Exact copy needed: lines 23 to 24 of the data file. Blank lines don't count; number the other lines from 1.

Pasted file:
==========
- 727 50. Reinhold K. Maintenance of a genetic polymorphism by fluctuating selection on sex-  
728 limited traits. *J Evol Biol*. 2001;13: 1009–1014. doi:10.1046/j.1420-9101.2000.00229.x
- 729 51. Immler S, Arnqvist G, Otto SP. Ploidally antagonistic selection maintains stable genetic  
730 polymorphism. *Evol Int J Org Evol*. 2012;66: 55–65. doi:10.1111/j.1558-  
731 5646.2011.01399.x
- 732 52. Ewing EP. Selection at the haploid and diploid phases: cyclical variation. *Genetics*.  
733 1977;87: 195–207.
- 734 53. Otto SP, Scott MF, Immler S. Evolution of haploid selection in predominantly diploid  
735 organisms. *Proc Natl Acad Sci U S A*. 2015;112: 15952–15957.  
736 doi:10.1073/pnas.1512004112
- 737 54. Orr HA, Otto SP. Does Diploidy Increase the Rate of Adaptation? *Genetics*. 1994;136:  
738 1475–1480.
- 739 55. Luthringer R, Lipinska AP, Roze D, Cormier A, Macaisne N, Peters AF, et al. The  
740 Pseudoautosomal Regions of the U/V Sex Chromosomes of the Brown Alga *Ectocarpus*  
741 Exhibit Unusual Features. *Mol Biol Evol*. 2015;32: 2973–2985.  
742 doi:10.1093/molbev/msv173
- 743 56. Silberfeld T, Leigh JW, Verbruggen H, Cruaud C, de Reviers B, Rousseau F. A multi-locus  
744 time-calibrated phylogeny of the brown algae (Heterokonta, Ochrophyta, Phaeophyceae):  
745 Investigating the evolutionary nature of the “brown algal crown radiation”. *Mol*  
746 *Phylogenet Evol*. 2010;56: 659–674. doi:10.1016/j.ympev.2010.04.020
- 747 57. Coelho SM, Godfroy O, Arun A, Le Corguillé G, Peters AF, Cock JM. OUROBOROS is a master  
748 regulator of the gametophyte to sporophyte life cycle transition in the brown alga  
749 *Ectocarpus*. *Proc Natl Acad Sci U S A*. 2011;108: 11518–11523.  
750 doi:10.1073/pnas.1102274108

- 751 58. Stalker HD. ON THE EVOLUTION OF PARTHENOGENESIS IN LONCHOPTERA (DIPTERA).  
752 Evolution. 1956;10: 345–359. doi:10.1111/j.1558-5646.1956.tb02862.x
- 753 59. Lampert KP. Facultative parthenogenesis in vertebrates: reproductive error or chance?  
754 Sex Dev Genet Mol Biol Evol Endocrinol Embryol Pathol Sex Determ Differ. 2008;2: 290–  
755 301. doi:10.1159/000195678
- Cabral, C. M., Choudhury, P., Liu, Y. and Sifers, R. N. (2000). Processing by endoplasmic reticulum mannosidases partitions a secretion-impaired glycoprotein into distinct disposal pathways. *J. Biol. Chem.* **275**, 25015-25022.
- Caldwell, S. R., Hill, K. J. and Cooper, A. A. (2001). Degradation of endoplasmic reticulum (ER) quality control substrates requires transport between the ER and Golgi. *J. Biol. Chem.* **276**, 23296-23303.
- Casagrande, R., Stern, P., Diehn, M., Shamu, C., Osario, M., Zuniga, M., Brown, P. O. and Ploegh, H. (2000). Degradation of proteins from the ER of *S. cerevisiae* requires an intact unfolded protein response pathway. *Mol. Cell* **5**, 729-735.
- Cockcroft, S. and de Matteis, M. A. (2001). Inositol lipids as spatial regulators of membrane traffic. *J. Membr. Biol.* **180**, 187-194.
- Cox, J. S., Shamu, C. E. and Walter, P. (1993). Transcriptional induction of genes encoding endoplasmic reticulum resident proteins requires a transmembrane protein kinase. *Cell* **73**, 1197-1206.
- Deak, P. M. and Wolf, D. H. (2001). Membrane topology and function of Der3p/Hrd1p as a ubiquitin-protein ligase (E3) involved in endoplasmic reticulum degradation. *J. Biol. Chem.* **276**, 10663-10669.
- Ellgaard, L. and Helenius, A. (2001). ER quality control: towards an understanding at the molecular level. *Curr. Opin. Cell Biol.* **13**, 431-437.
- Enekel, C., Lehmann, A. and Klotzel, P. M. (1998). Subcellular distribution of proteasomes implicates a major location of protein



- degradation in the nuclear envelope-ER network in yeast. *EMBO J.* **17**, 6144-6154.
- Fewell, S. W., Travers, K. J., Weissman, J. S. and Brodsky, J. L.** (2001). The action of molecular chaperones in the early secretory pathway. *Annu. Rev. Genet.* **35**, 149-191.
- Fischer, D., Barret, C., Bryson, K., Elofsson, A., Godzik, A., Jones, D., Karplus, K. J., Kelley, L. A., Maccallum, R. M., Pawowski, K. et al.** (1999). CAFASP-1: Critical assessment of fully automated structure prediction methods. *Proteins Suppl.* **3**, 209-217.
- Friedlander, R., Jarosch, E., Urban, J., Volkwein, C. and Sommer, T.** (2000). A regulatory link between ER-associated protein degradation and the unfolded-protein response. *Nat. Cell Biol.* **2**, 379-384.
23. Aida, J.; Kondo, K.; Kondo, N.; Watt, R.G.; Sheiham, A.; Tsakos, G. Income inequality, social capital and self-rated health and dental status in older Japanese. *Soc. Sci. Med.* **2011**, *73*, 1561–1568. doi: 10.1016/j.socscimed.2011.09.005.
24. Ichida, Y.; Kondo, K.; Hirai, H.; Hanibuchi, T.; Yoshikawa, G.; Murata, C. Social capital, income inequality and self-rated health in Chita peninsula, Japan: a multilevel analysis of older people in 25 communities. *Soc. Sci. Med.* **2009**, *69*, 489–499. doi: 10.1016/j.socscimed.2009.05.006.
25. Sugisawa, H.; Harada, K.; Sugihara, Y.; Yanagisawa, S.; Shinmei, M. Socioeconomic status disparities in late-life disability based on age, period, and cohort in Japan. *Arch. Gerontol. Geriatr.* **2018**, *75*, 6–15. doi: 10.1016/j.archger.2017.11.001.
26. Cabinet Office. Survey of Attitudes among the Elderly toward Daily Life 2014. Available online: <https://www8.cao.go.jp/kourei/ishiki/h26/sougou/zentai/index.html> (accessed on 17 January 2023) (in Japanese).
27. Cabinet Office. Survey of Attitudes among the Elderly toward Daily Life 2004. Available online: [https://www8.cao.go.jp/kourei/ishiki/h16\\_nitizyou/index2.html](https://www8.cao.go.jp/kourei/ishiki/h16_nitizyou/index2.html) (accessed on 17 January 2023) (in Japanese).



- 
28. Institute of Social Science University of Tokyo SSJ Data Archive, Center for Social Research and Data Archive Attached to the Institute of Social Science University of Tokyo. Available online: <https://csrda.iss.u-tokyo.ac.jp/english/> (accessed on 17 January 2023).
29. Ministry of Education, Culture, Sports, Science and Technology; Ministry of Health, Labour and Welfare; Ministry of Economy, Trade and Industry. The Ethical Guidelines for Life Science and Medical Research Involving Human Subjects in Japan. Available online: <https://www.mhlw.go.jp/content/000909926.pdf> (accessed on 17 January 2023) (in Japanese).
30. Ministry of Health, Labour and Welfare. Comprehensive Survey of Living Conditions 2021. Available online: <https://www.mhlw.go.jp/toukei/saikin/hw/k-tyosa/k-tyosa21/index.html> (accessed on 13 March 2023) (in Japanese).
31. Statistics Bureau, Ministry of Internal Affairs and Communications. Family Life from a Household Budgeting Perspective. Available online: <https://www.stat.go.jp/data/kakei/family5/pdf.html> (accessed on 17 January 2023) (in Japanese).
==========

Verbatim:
749 *Ectocarpus*. *Proc Natl Acad Sci U S A*. 2011;108: 11518–11523.  
750 doi:10.1073/pnas.1102274108